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2011 October 3 - 12:00 am

Everyday Applications of Nanotechnology

Everyday Applications of Nanotechnology
Compiled by Paul Bradley

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Though nanotechnology is a relatively new science, it already has numerous applications in everyday life, ranging from consumer goods to medicine to improving the environment.

Here are a few examples:

Medicine
One application of nanotechnology in medicine currently being developed involves employing nanoparticles to deliver drugs, heat, light or other substances to specific types of cells, such as cancer cells. Particles are engineered so that they are attracted to diseased cells, which allowdirect treatment of those cells. This technique reduces damage to healthy cells in the body and allows for earlier detection of disease. For example, nanoparticles that deliver chemotherapy drugs directly to cancer cells are under development.

Electronics
Nanoelectronics holds some answers on expanding the capabilities of electronics devices can be expanded while reducing their weight and power consumption. These include improving display screens on electronics devices and increasing the density of memory chips. Nanotechnology can also reduce the size of transistors used in integrated circuits. One researcher believes it may be possible to put the power of all of today’s present computers in the palm of your hand.

Environment

Nanotechnology is being used in several applications to improve the environment. This includes cleaning up existing pollution, improving manufacturing methods to reduce the generation of new pollution, and making alternative energy sources more cost effective. Potential applications include:

  • Cleaning up organic chemicals polluting groundwater. Researchers have shown that iron nanoparticles can be effective in cleaning up organic solvents that are polluting groundwater. The iron nanoparticles disperse throughout the body of water and decompose the organic solvent in place. This method can be more effective and cost significantly less than treatment methods that require the water to be pumped out of the ground.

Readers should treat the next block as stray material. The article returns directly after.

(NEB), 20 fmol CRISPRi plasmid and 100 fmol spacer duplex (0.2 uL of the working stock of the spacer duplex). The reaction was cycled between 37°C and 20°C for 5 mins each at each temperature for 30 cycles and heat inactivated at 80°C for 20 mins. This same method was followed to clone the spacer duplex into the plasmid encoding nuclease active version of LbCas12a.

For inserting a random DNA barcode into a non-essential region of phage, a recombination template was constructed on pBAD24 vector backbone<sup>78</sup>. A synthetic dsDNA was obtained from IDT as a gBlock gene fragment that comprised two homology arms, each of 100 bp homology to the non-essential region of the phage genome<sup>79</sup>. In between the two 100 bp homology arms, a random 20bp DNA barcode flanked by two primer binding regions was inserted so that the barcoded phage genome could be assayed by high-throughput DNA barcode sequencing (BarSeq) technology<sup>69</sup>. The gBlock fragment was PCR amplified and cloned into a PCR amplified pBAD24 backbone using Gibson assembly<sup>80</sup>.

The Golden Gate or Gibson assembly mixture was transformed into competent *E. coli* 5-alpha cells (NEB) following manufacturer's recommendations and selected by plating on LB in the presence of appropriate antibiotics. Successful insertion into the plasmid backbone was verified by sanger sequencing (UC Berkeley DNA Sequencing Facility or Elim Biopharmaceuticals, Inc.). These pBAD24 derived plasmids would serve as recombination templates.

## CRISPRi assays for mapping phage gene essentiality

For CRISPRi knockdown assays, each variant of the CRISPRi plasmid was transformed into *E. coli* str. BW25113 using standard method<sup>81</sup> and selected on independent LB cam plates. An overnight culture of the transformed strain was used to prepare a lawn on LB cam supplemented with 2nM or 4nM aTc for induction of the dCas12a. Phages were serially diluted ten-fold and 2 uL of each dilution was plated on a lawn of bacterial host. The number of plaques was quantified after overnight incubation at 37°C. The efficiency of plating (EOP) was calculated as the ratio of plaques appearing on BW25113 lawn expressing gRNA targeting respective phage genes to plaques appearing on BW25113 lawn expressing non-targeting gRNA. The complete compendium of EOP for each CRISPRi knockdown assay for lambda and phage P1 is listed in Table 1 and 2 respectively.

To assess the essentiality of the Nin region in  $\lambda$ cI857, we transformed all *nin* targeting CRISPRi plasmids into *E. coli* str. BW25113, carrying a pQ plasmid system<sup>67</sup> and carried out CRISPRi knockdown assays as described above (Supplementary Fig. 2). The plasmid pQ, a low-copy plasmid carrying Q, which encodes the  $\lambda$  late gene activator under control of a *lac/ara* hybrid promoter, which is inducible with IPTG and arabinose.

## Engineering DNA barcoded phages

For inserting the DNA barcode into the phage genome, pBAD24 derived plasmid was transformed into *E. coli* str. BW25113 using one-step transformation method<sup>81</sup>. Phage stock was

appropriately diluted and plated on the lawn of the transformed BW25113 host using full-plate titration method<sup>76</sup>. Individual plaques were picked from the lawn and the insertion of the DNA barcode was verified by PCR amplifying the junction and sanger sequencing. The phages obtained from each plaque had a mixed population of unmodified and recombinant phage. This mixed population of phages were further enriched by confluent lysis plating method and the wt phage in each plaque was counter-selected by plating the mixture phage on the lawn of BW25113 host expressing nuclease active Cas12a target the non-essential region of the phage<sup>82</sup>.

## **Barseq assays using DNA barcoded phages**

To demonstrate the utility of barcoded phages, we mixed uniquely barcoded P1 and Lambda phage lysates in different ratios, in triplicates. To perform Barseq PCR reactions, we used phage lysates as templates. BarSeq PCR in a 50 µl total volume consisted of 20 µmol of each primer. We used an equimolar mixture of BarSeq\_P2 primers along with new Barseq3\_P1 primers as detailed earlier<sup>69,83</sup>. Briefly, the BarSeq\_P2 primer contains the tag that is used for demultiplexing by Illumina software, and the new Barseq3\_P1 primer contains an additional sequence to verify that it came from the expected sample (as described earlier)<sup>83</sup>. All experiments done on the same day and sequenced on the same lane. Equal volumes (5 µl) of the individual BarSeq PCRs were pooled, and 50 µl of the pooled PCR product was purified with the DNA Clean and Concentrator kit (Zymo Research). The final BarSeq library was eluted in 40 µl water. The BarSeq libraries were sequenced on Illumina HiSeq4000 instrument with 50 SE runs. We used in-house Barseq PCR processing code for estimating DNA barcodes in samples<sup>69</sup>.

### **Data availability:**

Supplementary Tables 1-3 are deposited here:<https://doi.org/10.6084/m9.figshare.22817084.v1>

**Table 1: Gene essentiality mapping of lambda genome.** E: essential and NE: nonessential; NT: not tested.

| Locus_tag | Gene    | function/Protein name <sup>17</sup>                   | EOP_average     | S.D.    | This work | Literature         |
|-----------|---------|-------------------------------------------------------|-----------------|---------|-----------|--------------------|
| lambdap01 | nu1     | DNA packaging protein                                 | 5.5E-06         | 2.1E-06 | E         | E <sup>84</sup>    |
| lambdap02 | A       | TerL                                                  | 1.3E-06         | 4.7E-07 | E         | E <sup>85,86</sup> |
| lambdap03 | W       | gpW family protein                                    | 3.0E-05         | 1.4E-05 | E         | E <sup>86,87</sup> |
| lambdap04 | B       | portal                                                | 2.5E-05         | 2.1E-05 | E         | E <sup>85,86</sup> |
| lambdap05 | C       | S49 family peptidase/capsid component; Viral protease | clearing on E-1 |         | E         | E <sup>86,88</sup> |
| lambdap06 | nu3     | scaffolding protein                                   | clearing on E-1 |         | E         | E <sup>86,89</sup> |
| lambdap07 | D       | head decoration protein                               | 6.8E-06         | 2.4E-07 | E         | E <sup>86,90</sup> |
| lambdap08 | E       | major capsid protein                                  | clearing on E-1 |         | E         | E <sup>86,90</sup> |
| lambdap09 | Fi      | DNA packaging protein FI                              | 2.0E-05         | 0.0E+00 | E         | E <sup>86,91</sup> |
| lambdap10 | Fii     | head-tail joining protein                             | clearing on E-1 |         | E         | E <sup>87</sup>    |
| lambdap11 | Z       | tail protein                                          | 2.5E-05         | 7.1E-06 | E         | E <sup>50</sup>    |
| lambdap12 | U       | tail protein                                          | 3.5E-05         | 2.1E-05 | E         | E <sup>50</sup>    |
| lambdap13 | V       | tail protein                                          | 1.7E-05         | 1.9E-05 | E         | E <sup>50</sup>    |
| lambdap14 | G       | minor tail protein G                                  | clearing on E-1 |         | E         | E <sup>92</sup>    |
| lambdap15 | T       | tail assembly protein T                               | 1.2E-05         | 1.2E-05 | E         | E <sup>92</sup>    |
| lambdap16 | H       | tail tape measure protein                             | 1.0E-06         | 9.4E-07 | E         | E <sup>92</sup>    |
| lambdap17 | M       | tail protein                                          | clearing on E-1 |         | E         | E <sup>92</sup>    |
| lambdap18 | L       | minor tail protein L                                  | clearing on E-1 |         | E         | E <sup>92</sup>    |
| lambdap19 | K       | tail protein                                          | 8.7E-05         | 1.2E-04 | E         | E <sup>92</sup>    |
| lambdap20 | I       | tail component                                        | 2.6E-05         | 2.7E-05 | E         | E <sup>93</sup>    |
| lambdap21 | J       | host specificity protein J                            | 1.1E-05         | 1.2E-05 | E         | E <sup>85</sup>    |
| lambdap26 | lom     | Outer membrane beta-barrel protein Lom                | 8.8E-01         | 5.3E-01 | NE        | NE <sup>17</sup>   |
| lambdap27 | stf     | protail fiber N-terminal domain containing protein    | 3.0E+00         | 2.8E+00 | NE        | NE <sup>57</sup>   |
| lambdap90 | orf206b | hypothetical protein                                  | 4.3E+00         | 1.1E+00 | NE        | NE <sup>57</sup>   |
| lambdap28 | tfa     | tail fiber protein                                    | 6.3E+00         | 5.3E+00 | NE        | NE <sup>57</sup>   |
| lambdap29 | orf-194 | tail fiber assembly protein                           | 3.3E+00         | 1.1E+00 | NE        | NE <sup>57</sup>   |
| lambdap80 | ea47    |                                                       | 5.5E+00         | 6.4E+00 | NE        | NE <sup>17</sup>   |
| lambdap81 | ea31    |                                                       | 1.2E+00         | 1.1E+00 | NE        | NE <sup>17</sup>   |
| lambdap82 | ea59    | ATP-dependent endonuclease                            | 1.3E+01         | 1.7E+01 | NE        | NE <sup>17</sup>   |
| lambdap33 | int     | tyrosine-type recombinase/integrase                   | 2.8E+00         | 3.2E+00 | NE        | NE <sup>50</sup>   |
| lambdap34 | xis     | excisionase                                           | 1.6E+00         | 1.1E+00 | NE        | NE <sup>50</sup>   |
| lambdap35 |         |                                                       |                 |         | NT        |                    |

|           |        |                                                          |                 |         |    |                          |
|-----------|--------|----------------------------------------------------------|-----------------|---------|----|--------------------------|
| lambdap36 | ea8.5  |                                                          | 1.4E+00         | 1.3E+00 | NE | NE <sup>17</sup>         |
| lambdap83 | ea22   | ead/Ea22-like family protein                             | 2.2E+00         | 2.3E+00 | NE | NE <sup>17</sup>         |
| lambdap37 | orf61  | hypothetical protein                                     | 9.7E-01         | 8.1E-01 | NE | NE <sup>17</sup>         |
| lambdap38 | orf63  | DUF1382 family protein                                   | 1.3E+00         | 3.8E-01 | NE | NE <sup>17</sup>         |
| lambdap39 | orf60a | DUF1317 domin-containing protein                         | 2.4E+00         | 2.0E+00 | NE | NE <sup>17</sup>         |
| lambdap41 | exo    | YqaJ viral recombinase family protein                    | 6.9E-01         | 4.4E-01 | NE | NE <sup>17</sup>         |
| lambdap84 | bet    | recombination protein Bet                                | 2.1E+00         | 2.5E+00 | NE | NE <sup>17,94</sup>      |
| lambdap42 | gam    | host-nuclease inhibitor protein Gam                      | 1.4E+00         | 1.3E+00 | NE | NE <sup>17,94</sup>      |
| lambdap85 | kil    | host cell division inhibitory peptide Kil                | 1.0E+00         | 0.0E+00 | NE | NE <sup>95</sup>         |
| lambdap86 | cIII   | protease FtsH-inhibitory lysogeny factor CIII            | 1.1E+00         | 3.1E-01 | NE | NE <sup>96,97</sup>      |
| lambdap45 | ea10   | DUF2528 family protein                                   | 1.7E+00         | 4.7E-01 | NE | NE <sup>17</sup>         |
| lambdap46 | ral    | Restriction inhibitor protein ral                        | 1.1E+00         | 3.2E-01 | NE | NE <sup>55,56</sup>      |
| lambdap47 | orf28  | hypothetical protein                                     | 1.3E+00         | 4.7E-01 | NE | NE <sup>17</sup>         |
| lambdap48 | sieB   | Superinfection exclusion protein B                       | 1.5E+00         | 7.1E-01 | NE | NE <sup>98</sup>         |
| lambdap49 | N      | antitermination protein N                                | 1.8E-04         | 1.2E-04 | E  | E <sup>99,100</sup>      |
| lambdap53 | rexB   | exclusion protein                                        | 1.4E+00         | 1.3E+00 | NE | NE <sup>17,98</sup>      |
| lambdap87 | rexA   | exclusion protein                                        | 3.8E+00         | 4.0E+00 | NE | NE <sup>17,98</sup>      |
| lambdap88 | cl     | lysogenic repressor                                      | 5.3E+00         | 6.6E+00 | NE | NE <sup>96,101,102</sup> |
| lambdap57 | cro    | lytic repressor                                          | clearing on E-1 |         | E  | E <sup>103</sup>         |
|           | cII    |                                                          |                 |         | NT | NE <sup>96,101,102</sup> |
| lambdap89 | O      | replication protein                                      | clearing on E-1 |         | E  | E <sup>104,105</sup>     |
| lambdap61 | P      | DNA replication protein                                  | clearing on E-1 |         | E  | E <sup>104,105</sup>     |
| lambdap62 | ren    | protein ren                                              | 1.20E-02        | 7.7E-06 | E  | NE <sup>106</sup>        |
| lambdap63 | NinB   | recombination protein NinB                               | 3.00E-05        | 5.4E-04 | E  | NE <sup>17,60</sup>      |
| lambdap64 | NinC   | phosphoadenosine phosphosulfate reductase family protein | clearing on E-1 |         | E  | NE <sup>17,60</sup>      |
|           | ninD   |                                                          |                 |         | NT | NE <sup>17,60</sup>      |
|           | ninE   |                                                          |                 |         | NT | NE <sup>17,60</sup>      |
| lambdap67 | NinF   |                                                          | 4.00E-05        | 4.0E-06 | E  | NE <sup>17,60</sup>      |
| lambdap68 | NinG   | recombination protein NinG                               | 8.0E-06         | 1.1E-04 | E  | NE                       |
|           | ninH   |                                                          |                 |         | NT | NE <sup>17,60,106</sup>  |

• Generating less pollution during the manufacture of materials. Researchers have demonstrated that the use of silver nanoclusters as catalysys can significantly reduce the polluting byproducts generated in the process used to manufacture propylene oxide. Propylene oxide is used to produce common materials such as plastics, paint, detergents and brake fluid.
  • Increasing the electricity generated by windmills. Epoxy containing carbon nanotubes is being used to make windmill blades. The resulting blades are stronger and lower weight and therefore the amount of electricity generated by each windmill is greater.
  • Producing solar cells that generate electricity at a competitive cost. Researchers have demonstrated that an array silicon nanowires embedded in a polymer results in low-cost but high-efficiency solar cells. This may result in solar cells that generate electricity as cost effectively as coal or oil.

Consumer Products

Nanotechnology has already found its way into numerous consumer products you use every day, from clothing to skin lotion. They include:

  • Silver nanoparticles in fabric that kill bacteria making clothing odor-resistant.
  • Skin care products that use nanoparticles to deliver vitamins deeper into the skin
  • Lithium ion batteries that use nanoparticle-based electrodes powering plug-in electric cars
  • Flame retardant formed by coating the foam used in furniture with carbon nanofibers.

Sporting Goods
If you’re a tennis or golf fan, you’ll be glad to hear that even sporting goods have been improved by nanotechnology. Current nanotechnology applications in the sports arena include:

  • Increasing the strength of tennis racquets by adding nanotubes to the frames which increases control and power when you hit the ball.
  • Filling any imperfections in golf club shaft materials with nanoparticles; this improves the uniformity of the material that makes up the shaft and thereby improving your swing.
  • Reducing the rate at which air leaks from tennis balls so they keep their bounce longer.

Source: UnderstandingNano.com

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